Connor has no idea why she's stating the obvious. "So, what's your point?"
"What if they don't want to take us to be unwound. What if they want us dead?"
Connor opens his mouth to tell her how stupid that is, but stops himself. Because it's not stupid at all.
"Lev," says Risa, "your family's pretty rich, right?"
Lev shrugs modestly. "I guess."
"What if they paid off the police to get you back by killing the kidnappers . . . and to do it quietly, so no one ever knew it happened?"
Connor looks to Lev, hoping the kid will laugh at the very suggestion, telling them that his parents would never, ever do such a terrible thing. Lev, however, is curiously silent about it as he considers the possibility.
And at that moment two things happen. A police car turns onto the street, and somewhere very close by, a baby begins to cry.
* * *
This is the first thought in Connor's mind, his first instinct, but Risa grabs his arm tightly the moment she sees the police car, and it makes him hesitate. Connor knows hesitation can mean the difference between life and death in dire situations. But not today. Today it gives him enough time to do something Connor rarely does in an emergency. He goes beyond his first thought, and processes his second thought: Running will attract attention.
He forces his feet to stay in one place, and takes a quick moment to assess their surroundings. Cars are starting in driveways as people head off to work. Somewhere a baby is crying. High-school-aged kids are gathered on a corner across the street, talking, pushing each other, laughing. As he looks to Risa, he can tell they're both of one mind, even before she says, "Bus stop!"
The patrol car rolls leisurely down the street. Leisurely, that is, to someone who has nothing to hide, but to Connor its slow pace is menacing. There's no way of telling if these officers are looking for them or just on a routine patrol. Again, he fights down the urge to run.
He and Risa turn their backs to the police car, ready to stride off inconspicuously toward the bus stop, but Lev is not with the program. He faces the wrong way, staring straight at the approaching cop car.
"What, are you nuts?" Connor grabs his shoulder and forces him around. "Just do what we do, and act natural."
A school bus approaches from the other direction. The kids at the corner begin gathering their things. Now, at last, there's permission to run without looking out of place. Connor begins it, taking a few strides ahead of Risa and Lev, then turns back, calling with a calculated whine, "C'mon, you guys— we're gonna miss the bus again!"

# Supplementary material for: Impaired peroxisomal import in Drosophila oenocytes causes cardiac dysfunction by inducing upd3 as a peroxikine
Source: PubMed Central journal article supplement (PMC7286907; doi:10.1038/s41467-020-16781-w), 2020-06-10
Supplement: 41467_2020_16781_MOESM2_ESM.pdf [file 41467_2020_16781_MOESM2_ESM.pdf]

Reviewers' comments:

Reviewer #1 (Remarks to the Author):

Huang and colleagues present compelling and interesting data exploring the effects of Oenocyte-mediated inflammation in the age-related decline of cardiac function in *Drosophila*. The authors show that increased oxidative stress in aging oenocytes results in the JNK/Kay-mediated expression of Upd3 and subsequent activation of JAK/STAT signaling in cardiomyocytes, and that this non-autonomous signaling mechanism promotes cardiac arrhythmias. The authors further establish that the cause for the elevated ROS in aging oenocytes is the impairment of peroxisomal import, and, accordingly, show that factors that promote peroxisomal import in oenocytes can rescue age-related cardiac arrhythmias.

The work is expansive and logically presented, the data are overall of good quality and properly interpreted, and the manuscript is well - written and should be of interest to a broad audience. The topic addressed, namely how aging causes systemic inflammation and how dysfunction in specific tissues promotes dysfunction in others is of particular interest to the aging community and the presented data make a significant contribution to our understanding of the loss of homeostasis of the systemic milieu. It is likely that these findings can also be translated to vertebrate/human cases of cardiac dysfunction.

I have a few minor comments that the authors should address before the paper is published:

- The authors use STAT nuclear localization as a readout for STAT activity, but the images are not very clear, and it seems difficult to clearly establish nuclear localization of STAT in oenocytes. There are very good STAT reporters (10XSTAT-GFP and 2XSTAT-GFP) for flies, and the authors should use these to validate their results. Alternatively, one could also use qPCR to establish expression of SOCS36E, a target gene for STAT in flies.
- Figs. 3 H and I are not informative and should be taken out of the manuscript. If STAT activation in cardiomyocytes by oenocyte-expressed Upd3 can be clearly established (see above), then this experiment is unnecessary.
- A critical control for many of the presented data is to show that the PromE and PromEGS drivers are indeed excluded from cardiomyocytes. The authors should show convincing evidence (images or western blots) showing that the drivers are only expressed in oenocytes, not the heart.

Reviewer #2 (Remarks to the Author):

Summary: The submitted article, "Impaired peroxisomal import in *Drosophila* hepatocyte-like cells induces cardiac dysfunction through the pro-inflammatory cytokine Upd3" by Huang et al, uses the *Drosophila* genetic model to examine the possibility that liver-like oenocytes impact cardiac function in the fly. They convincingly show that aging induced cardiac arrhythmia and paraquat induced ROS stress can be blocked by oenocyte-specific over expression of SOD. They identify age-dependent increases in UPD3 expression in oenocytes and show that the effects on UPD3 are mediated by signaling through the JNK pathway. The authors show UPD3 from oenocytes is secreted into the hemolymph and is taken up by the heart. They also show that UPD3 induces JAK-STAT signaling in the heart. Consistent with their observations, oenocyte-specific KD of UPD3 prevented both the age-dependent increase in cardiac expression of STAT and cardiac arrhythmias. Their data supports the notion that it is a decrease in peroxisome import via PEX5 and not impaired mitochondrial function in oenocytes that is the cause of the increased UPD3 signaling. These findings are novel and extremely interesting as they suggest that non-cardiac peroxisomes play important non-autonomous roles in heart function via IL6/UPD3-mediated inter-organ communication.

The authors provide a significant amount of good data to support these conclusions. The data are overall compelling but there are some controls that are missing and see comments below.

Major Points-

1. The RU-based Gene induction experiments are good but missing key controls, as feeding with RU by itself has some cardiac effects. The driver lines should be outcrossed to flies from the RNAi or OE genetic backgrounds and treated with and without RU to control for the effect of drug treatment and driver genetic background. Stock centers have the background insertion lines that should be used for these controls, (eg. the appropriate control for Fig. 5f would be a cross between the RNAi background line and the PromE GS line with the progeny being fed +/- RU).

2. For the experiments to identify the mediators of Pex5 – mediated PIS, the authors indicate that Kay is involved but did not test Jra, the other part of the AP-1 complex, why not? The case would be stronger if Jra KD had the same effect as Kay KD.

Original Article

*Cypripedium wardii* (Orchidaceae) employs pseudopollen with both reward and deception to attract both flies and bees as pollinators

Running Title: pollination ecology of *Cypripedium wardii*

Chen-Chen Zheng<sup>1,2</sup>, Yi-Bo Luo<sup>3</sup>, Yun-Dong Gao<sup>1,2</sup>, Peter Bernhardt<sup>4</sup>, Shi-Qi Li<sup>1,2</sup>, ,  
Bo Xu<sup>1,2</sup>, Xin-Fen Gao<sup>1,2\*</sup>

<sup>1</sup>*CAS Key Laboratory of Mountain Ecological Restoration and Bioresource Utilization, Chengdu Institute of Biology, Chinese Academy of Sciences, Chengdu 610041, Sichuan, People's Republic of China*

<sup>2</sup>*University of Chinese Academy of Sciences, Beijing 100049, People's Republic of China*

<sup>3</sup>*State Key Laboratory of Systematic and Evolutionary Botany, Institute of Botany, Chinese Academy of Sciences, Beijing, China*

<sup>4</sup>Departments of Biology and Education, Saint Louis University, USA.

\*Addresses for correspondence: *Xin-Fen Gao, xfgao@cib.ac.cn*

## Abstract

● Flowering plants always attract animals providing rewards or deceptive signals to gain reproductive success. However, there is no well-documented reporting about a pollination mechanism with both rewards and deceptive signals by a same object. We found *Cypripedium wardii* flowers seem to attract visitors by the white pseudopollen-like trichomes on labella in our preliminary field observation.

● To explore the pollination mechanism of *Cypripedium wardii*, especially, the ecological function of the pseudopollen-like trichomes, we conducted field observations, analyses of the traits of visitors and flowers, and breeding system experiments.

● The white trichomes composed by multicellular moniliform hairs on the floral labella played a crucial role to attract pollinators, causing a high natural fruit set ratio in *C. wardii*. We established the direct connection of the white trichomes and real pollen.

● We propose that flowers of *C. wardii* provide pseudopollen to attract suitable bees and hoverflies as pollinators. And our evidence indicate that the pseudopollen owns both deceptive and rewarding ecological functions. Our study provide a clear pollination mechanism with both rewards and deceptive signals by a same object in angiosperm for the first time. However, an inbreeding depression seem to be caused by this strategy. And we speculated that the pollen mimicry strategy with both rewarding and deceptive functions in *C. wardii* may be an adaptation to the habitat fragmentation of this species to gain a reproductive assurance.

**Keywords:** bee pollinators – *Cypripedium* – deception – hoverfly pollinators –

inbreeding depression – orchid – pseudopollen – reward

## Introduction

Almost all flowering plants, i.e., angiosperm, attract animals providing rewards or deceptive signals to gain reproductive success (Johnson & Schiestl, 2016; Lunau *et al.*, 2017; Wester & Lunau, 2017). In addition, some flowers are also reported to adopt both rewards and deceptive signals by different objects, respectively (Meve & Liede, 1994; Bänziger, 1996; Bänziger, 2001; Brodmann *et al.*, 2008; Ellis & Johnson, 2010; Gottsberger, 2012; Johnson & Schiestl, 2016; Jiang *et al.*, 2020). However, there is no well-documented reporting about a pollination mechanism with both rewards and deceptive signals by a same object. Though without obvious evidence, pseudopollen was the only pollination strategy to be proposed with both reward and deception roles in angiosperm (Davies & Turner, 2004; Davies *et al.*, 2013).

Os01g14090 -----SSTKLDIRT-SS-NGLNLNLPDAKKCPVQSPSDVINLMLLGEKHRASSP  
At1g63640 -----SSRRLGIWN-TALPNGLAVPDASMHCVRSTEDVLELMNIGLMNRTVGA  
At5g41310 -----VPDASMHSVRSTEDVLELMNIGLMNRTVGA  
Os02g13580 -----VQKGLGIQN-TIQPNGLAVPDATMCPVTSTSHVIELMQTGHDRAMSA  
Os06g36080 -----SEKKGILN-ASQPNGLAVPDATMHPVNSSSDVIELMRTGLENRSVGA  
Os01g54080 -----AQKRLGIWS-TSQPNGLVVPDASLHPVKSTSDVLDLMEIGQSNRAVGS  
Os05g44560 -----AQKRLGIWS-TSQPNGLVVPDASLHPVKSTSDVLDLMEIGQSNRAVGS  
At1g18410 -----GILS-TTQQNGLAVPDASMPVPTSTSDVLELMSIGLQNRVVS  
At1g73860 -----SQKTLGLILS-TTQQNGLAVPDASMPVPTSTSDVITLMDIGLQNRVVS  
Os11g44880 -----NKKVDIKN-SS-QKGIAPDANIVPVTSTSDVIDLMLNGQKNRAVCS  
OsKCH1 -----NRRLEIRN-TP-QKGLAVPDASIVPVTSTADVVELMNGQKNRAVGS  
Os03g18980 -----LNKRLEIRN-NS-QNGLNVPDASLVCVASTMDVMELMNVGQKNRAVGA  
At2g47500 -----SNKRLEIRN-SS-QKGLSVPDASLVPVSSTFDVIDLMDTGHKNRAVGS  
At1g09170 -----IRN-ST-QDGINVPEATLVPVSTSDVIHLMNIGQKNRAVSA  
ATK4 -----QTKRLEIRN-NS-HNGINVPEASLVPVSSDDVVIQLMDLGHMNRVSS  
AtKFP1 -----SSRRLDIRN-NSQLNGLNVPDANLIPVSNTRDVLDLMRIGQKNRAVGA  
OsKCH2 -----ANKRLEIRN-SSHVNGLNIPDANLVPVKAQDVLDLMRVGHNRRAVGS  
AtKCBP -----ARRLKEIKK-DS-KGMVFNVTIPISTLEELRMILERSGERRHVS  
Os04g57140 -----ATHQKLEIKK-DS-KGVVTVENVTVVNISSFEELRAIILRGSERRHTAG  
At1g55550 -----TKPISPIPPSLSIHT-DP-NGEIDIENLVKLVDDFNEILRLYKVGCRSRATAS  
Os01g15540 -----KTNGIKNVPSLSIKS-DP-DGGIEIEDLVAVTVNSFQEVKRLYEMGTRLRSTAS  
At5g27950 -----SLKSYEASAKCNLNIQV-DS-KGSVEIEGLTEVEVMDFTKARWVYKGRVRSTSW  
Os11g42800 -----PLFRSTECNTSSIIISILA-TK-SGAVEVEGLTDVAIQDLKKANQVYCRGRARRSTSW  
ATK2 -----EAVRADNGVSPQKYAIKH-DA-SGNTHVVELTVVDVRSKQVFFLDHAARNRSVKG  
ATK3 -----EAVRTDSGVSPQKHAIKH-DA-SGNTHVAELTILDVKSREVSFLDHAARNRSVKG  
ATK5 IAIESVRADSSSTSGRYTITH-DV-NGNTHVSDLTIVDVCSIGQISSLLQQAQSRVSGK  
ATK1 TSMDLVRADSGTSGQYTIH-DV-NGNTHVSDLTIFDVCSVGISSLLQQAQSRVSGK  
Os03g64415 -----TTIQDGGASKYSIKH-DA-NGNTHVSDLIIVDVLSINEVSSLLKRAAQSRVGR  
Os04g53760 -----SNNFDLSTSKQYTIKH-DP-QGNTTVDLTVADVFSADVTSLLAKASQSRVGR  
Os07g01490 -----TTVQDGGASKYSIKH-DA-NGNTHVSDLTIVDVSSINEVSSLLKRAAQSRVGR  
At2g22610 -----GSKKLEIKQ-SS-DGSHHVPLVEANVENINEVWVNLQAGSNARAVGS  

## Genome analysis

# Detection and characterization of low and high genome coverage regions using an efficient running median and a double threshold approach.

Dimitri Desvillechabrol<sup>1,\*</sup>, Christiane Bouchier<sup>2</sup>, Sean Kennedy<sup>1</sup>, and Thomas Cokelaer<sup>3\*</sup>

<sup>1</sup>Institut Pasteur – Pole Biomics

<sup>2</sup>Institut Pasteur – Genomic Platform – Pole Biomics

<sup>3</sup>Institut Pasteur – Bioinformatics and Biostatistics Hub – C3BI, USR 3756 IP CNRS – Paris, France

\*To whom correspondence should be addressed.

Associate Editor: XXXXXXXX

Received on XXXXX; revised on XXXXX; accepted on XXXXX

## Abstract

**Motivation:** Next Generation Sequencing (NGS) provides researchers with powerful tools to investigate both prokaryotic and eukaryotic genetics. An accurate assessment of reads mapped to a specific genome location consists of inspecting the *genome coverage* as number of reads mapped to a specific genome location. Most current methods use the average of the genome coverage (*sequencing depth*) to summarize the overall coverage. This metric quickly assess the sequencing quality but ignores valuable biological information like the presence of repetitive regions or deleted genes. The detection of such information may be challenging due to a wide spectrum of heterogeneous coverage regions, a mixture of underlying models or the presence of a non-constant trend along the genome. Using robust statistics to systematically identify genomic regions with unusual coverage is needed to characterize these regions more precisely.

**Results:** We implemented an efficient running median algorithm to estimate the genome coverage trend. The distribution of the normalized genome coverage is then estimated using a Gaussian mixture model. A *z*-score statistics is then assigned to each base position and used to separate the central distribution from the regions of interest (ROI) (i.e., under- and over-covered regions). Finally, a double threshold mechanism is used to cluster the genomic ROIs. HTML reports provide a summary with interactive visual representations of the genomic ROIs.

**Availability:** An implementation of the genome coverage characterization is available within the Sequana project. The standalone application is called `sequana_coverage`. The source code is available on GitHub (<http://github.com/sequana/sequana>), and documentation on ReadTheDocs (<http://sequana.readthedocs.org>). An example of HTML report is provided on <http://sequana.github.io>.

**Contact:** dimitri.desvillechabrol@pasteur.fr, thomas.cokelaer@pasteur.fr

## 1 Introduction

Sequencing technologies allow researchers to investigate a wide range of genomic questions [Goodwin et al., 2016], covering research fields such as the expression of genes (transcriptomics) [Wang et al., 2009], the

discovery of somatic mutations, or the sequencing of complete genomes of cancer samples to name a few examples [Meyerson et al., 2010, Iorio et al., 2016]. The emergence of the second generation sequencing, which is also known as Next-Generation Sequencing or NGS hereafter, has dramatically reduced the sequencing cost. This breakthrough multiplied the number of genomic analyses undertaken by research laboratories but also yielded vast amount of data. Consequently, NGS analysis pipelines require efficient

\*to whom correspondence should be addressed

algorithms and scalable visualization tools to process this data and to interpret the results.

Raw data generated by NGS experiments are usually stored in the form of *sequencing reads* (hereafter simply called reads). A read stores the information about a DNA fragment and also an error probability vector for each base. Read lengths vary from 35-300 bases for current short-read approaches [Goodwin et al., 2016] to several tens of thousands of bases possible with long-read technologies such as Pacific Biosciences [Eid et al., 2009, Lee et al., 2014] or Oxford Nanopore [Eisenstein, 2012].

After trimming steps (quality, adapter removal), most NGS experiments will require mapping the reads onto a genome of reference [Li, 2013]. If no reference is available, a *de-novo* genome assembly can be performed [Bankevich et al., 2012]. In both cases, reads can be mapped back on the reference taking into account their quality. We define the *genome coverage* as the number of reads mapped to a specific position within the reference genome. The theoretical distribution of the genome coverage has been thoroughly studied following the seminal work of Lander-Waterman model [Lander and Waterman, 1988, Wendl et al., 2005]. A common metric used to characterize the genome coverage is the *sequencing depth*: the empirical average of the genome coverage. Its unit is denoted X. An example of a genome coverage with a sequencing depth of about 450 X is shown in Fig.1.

The cop car's right beside them now. Connor keeps his back to it and doesn't turn to see if the officers inside are watching them. If they are, hopefully they'll just hear the conversation and assume this is normal morning mayhem, and not think twice. Lev's version of "acting natural" is walking with wide eyes and arms stiff by his side like he's crossing a minefield. So much for being inconspicuous. "Do you have to walk so slow?" Connor yells. "If I get another tardy, I'll get detention."
The squad car rolls past them. Up ahead, the bus nears the stop. Connor, Risa, and Lev hurry across the street toward it— all part of the charade, just in case the cops are watching them through their rearview mirror. Of course, thinks Connor, it could backfire on them, and the cops could cite them for jaywalking.
"Are we really going to get on the bus?" asks Lev.
"Of course not," says Risa.
Now Connor dares to glance at the cop car. Its blinker is on. It's going to turn the corner, and once it does, they'll be safe. . . . But then the school bus stops and turns on its blinking red lights as it opens its door—and anyone who's ever ridden a school bus knows that when those red lights start blinking, all traffic around them must stop and wait until the bus moves on.